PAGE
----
All right, so I watched ME! ME! ME!. Hahahahahaha FUCK.
I got to admit that, on a personal level, I never cared much for the short myself, at least compared to the rest of internet. It just didn’t resonate that much with me, with the exception of the feeling of debauchery and utter dissatisfaction with his life pissing it away hitting close to home, but it’s rather late and I don’t have the time or inclination to dive into the more intimate aspects of the short -because they very much deserve attention- so I’ll try to get into more general observations.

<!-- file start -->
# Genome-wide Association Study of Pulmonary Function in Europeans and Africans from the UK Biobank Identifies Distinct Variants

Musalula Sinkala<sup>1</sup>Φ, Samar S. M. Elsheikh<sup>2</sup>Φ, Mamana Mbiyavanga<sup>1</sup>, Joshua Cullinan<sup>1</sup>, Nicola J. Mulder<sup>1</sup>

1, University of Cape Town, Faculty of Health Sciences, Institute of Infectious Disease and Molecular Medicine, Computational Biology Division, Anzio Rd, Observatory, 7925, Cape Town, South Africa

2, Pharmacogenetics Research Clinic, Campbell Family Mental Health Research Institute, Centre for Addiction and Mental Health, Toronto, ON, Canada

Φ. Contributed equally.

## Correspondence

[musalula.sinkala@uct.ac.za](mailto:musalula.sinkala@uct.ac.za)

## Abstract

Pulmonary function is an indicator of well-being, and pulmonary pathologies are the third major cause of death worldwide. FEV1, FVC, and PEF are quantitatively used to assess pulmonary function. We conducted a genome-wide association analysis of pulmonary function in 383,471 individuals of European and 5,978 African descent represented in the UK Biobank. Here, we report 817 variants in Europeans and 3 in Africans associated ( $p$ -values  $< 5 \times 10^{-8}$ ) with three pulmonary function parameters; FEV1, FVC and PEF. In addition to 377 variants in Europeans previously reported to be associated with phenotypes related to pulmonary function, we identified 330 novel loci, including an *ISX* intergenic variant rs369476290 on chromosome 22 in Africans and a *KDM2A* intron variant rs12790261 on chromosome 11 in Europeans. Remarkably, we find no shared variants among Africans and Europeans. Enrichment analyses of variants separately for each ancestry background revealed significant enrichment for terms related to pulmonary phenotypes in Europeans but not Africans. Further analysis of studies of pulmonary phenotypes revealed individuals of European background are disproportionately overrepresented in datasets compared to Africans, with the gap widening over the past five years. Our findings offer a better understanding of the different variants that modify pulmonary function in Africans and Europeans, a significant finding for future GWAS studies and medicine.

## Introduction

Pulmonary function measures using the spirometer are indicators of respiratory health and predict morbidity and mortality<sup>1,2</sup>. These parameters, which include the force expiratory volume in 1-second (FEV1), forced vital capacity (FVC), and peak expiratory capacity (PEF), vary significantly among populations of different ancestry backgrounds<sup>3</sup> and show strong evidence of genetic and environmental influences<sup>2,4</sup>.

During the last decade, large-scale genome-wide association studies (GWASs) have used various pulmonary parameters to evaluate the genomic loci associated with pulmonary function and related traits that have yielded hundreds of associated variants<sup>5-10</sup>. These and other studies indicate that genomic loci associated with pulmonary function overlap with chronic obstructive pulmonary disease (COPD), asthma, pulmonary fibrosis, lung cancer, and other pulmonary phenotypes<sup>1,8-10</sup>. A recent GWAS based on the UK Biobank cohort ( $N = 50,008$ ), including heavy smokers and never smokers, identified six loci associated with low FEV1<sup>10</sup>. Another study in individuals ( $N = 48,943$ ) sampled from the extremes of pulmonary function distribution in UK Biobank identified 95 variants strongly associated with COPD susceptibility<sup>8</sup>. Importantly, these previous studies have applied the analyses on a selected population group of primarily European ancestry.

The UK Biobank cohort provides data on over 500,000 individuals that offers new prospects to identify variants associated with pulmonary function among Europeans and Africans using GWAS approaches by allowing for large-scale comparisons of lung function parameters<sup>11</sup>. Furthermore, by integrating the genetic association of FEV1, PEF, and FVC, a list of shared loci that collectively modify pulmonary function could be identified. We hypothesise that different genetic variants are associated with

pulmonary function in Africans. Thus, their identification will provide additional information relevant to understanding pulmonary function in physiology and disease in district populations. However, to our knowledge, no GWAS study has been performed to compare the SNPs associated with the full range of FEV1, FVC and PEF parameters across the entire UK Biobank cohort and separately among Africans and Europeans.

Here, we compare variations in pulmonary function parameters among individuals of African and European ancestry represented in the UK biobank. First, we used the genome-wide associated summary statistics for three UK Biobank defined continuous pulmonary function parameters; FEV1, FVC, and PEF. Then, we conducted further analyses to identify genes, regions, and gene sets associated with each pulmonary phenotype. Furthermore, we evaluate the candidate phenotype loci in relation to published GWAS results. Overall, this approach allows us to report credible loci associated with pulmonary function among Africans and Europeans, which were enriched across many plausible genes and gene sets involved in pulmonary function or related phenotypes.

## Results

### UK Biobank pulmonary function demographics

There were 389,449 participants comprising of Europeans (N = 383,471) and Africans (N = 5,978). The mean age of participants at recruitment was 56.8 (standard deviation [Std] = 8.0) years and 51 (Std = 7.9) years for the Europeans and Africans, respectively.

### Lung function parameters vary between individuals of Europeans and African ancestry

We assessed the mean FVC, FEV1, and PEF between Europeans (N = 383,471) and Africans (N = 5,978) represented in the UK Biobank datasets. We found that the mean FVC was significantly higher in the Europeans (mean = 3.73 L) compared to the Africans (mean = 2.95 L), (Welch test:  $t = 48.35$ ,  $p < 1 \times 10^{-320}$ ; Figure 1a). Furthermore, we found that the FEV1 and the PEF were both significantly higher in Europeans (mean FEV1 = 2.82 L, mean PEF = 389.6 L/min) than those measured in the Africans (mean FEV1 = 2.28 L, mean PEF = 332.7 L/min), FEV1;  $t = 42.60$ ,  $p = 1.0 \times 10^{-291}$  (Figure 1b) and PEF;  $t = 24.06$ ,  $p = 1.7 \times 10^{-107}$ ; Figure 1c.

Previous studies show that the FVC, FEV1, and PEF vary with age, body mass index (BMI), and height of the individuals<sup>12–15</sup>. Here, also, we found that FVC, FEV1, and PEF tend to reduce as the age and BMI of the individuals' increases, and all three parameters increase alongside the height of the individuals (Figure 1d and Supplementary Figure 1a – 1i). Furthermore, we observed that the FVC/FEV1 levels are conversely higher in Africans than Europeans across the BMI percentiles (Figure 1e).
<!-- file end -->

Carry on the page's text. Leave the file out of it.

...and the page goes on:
Anyways, as I said it didn’t catch that much hype with me but I can certainly appreciate how and why it managed to hook so many people, considering what it set out (and achieved) to do visually and content-wise. It’s a world enriched with very carefully designed imagery and animation. In fact the animation is very well thought-out in the narrative-visual department, that both superficial and deeper layers manage to tell the story very well with visuals alone. The music also does a superb job even if we westerners can’t really appreciate the lyrics directly (you ought to check them out when you get the chance btw).